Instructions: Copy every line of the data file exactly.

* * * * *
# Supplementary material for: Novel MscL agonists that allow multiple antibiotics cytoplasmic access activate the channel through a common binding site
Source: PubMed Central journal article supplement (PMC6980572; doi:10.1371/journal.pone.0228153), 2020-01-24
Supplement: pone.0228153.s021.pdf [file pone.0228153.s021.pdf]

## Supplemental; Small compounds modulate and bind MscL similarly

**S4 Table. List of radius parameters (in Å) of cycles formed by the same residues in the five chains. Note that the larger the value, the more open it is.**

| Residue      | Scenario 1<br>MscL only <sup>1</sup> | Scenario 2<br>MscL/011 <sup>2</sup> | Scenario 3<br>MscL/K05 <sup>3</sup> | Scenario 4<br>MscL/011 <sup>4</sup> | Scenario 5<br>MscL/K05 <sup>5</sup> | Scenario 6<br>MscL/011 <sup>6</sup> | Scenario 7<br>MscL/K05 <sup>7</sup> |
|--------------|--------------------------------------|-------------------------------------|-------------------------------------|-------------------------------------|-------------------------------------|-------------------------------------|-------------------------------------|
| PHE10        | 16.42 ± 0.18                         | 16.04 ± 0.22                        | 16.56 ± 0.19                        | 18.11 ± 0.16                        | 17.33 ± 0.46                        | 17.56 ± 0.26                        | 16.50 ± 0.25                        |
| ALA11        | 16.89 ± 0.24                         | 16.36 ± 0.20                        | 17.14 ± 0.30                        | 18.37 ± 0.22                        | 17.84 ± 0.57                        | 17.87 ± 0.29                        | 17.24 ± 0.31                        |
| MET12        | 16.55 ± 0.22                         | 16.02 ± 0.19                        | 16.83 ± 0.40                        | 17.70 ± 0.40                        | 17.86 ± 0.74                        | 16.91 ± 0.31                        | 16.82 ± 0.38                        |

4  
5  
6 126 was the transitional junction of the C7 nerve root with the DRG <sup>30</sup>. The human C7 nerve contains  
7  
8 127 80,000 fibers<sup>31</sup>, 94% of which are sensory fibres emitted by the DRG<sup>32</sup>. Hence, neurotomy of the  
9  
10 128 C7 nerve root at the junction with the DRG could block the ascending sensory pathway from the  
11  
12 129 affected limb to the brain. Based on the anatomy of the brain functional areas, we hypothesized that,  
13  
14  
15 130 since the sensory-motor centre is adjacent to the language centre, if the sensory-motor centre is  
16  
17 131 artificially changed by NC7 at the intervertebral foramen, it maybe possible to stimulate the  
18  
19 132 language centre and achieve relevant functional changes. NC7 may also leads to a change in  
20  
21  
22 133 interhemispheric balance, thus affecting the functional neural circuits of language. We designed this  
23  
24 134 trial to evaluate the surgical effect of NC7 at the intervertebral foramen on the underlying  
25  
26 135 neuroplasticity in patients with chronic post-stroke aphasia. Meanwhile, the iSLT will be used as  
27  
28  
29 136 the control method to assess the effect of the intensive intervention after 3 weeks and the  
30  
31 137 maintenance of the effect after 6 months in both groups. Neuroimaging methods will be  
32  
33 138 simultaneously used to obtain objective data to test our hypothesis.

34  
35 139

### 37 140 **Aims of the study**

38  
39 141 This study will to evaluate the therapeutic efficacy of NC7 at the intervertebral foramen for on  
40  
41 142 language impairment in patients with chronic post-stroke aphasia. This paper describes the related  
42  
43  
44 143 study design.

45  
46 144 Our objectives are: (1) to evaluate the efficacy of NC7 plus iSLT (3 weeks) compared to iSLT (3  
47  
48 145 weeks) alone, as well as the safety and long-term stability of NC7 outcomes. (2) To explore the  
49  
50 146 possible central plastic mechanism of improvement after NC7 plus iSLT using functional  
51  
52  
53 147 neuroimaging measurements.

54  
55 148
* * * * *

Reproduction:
# Supplementary material for: Novel MscL agonists that allow multiple antibiotics cytoplasmic access activate the channel through a common binding site
Source: PubMed Central journal article supplement (PMC6980572; doi:10.1371/journal.pone.0228153), 2020-01-24
Supplement: pone.0228153.s021.pdf [file pone.0228153.s021.pdf]

## Supplemental; Small compounds modulate and bind MscL similarly

**S4 Table. List of radius parameters (in Å) of cycles formed by the same residues in the five chains. Note that the larger the value, the more open it is.**

| Residue      | Scenario 1<br>MscL only <sup>1</sup> | Scenario 2<br>MscL/011 <sup>2</sup> | Scenario 3<br>MscL/K05 <sup>3</sup> | Scenario 4<br>MscL/011 <sup>4</sup> | Scenario 5<br>MscL/K05 <sup>5</sup> | Scenario 6<br>MscL/011 <sup>6</sup> | Scenario 7<br>MscL/K05 <sup>7</sup> |
|--------------|--------------------------------------|-------------------------------------|-------------------------------------|-------------------------------------|-------------------------------------|-------------------------------------|-------------------------------------|
| PHE10        | 16.42 ± 0.18                         | 16.04 ± 0.22                        | 16.56 ± 0.19                        | 18.11 ± 0.16                        | 17.33 ± 0.46                        | 17.56 ± 0.26                        | 16.50 ± 0.25                        |
| ALA11        | 16.89 ± 0.24                         | 16.36 ± 0.20                        | 17.14 ± 0.30                        | 18.37 ± 0.22                        | 17.84 ± 0.57                        | 17.87 ± 0.29                        | 17.24 ± 0.31                        |
| MET12        | 16.55 ± 0.22                         | 16.02 ± 0.19                        | 16.83 ± 0.40                        | 17.70 ± 0.40                        | 17.86 ± 0.74                        | 16.91 ± 0.31                        | 16.82 ± 0.38                        |

4  
5  
6 126 was the transitional junction of the C7 nerve root with the DRG <sup>30</sup>. The human C7 nerve contains  
7  
8 127 80,000 fibers<sup>31</sup>, 94% of which are sensory fibres emitted by the DRG<sup>32</sup>. Hence, neurotomy of the  
9  
10 128 C7 nerve root at the junction with the DRG could block the ascending sensory pathway from the  
11  
12 129 affected limb to the brain. Based on the anatomy of the brain functional areas, we hypothesized that,  
13  
14  
15 130 since the sensory-motor centre is adjacent to the language centre, if the sensory-motor centre is  
16  
17 131 artificially changed by NC7 at the intervertebral foramen, it maybe possible to stimulate the  
18  
19 132 language centre and achieve relevant functional changes. NC7 may also leads to a change in  
20  
21  
22 133 interhemispheric balance, thus affecting the functional neural circuits of language. We designed this  
23  
24 134 trial to evaluate the surgical effect of NC7 at the intervertebral foramen on the underlying  
25  
26 135 neuroplasticity in patients with chronic post-stroke aphasia. Meanwhile, the iSLT will be used as  
27  
28  
29 136 the control method to assess the effect of the intensive intervention after 3 weeks and the  
30  
31 137 maintenance of the effect after 6 months in both groups. Neuroimaging methods will be  
32  
33 138 simultaneously used to obtain objective data to test our hypothesis.

34  
35 139

### 37 140 **Aims of the study**

38  
39 141 This study will to evaluate the therapeutic efficacy of NC7 at the intervertebral foramen for on  
40  
41 142 language impairment in patients with chronic post-stroke aphasia. This paper describes the related  
42  
43  
44 143 study design.

45  
46 144 Our objectives are: (1) to evaluate the efficacy of NC7 plus iSLT (3 weeks) compared to iSLT (3  
47  
48 145 weeks) alone, as well as the safety and long-term stability of NC7 outcomes. (2) To explore the  
49  
50 146 possible central plastic mechanism of improvement after NC7 plus iSLT using functional  
51  
52  
53 147 neuroimaging measurements.

54  
55 148